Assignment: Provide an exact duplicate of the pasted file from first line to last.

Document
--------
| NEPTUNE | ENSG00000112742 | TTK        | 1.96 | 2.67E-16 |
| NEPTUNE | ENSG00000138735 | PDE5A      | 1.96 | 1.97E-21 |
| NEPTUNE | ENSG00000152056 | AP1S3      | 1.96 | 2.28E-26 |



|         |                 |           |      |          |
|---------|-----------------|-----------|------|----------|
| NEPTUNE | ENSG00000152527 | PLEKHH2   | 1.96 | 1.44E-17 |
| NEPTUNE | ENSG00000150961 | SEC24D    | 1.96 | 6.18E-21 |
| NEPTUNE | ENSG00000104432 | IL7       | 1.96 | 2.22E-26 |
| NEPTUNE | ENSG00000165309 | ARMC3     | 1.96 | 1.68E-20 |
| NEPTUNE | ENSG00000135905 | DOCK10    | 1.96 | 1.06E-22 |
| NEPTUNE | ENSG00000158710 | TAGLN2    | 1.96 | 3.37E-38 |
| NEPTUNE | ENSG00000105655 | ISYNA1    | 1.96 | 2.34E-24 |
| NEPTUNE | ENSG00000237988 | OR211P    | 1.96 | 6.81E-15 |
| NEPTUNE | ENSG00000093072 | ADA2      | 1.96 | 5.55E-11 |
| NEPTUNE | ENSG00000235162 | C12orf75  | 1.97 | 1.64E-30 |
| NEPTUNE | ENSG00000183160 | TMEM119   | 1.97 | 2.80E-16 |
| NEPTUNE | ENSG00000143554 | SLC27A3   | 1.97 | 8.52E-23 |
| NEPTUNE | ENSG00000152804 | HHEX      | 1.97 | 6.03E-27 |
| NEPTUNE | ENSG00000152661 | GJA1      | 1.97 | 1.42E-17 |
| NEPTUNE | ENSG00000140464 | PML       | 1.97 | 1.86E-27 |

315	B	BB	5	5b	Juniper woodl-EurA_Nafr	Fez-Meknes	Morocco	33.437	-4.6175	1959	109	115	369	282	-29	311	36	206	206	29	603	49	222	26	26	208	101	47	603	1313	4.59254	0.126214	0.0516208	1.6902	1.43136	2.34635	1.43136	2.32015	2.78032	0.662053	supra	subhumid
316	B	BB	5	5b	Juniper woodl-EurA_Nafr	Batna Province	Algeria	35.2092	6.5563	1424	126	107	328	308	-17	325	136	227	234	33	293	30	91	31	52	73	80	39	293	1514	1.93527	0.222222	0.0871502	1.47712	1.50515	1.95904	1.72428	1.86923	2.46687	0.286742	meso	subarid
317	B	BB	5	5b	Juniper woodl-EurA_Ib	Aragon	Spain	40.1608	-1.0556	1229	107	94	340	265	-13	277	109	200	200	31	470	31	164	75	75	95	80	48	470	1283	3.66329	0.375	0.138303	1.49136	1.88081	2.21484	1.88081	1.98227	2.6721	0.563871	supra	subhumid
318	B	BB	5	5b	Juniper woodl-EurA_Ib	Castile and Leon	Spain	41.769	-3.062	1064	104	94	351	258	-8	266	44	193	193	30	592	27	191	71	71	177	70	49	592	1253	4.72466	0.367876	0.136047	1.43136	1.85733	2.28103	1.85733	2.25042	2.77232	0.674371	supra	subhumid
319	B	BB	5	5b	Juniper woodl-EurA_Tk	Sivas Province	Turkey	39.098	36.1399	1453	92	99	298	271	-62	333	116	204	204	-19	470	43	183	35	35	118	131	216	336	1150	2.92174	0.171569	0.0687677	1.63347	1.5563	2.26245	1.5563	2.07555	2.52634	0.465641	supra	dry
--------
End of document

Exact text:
| NEPTUNE | ENSG00000112742 | TTK        | 1.96 | 2.67E-16 |
| NEPTUNE | ENSG00000138735 | PDE5A      | 1.96 | 1.97E-21 |
| NEPTUNE | ENSG00000152056 | AP1S3      | 1.96 | 2.28E-26 |



|         |                 |           |      |          |
|---------|-----------------|-----------|------|----------|
| NEPTUNE | ENSG00000152527 | PLEKHH2   | 1.96 | 1.44E-17 |
| NEPTUNE | ENSG00000150961 | SEC24D    | 1.96 | 6.18E-21 |
| NEPTUNE | ENSG00000104432 | IL7       | 1.96 | 2.22E-26 |
| NEPTUNE | ENSG00000165309 | ARMC3     | 1.96 | 1.68E-20 |
| NEPTUNE | ENSG00000135905 | DOCK10    | 1.96 | 1.06E-22 |
| NEPTUNE | ENSG00000158710 | TAGLN2    | 1.96 | 3.37E-38 |
| NEPTUNE | ENSG00000105655 | ISYNA1    | 1.96 | 2.34E-24 |
| NEPTUNE | ENSG00000237988 | OR211P    | 1.96 | 6.81E-15 |
| NEPTUNE | ENSG00000093072 | ADA2      | 1.96 | 5.55E-11 |
| NEPTUNE | ENSG00000235162 | C12orf75  | 1.97 | 1.64E-30 |
| NEPTUNE | ENSG00000183160 | TMEM119   | 1.97 | 2.80E-16 |
| NEPTUNE | ENSG00000143554 | SLC27A3   | 1.97 | 8.52E-23 |
| NEPTUNE | ENSG00000152804 | HHEX      | 1.97 | 6.03E-27 |
| NEPTUNE | ENSG00000152661 | GJA1      | 1.97 | 1.42E-17 |
| NEPTUNE | ENSG00000140464 | PML       | 1.97 | 1.86E-27 |

315	B	BB	5	5b	Juniper woodl-EurA_Nafr	Fez-Meknes	Morocco	33.437	-4.6175	1959	109	115	369	282	-29	311	36	206	206	29	603	49	222	26	26	208	101	47	603	1313	4.59254	0.126214	0.0516208	1.6902	1.43136	2.34635	1.43136	2.32015	2.78032	0.662053	supra	subhumid
316	B	BB	5	5b	Juniper woodl-EurA_Nafr	Batna Province	Algeria	35.2092	6.5563	1424	126	107	328	308	-17	325	136	227	234	33	293	30	91	31	52	73	80	39	293	1514	1.93527	0.222222	0.0871502	1.47712	1.50515	1.95904	1.72428	1.86923	2.46687	0.286742	meso	subarid
317	B	BB	5	5b	Juniper woodl-EurA_Ib	Aragon	Spain	40.1608	-1.0556	1229	107	94	340	265	-13	277	109	200	200	31	470	31	164	75	75	95	80	48	470	1283	3.66329	0.375	0.138303	1.49136	1.88081	2.21484	1.88081	1.98227	2.6721	0.563871	supra	subhumid
318	B	BB	5	5b	Juniper woodl-EurA_Ib	Castile and Leon	Spain	41.769	-3.062	1064	104	94	351	258	-8	266	44	193	193	30	592	27	191	71	71	177	70	49	592	1253	4.72466	0.367876	0.136047	1.43136	1.85733	2.28103	1.85733	2.25042	2.77232	0.674371	supra	subhumid
319	B	BB	5	5b	Juniper woodl-EurA_Tk	Sivas Province	Turkey	39.098	36.1399	1453	92	99	298	271	-62	333	116	204	204	-19	470	43	183	35	35	118	131	216	336	1150	2.92174	0.171569	0.0687677	1.63347	1.5563	2.26245	1.5563	2.07555	2.52634	0.465641	supra	dry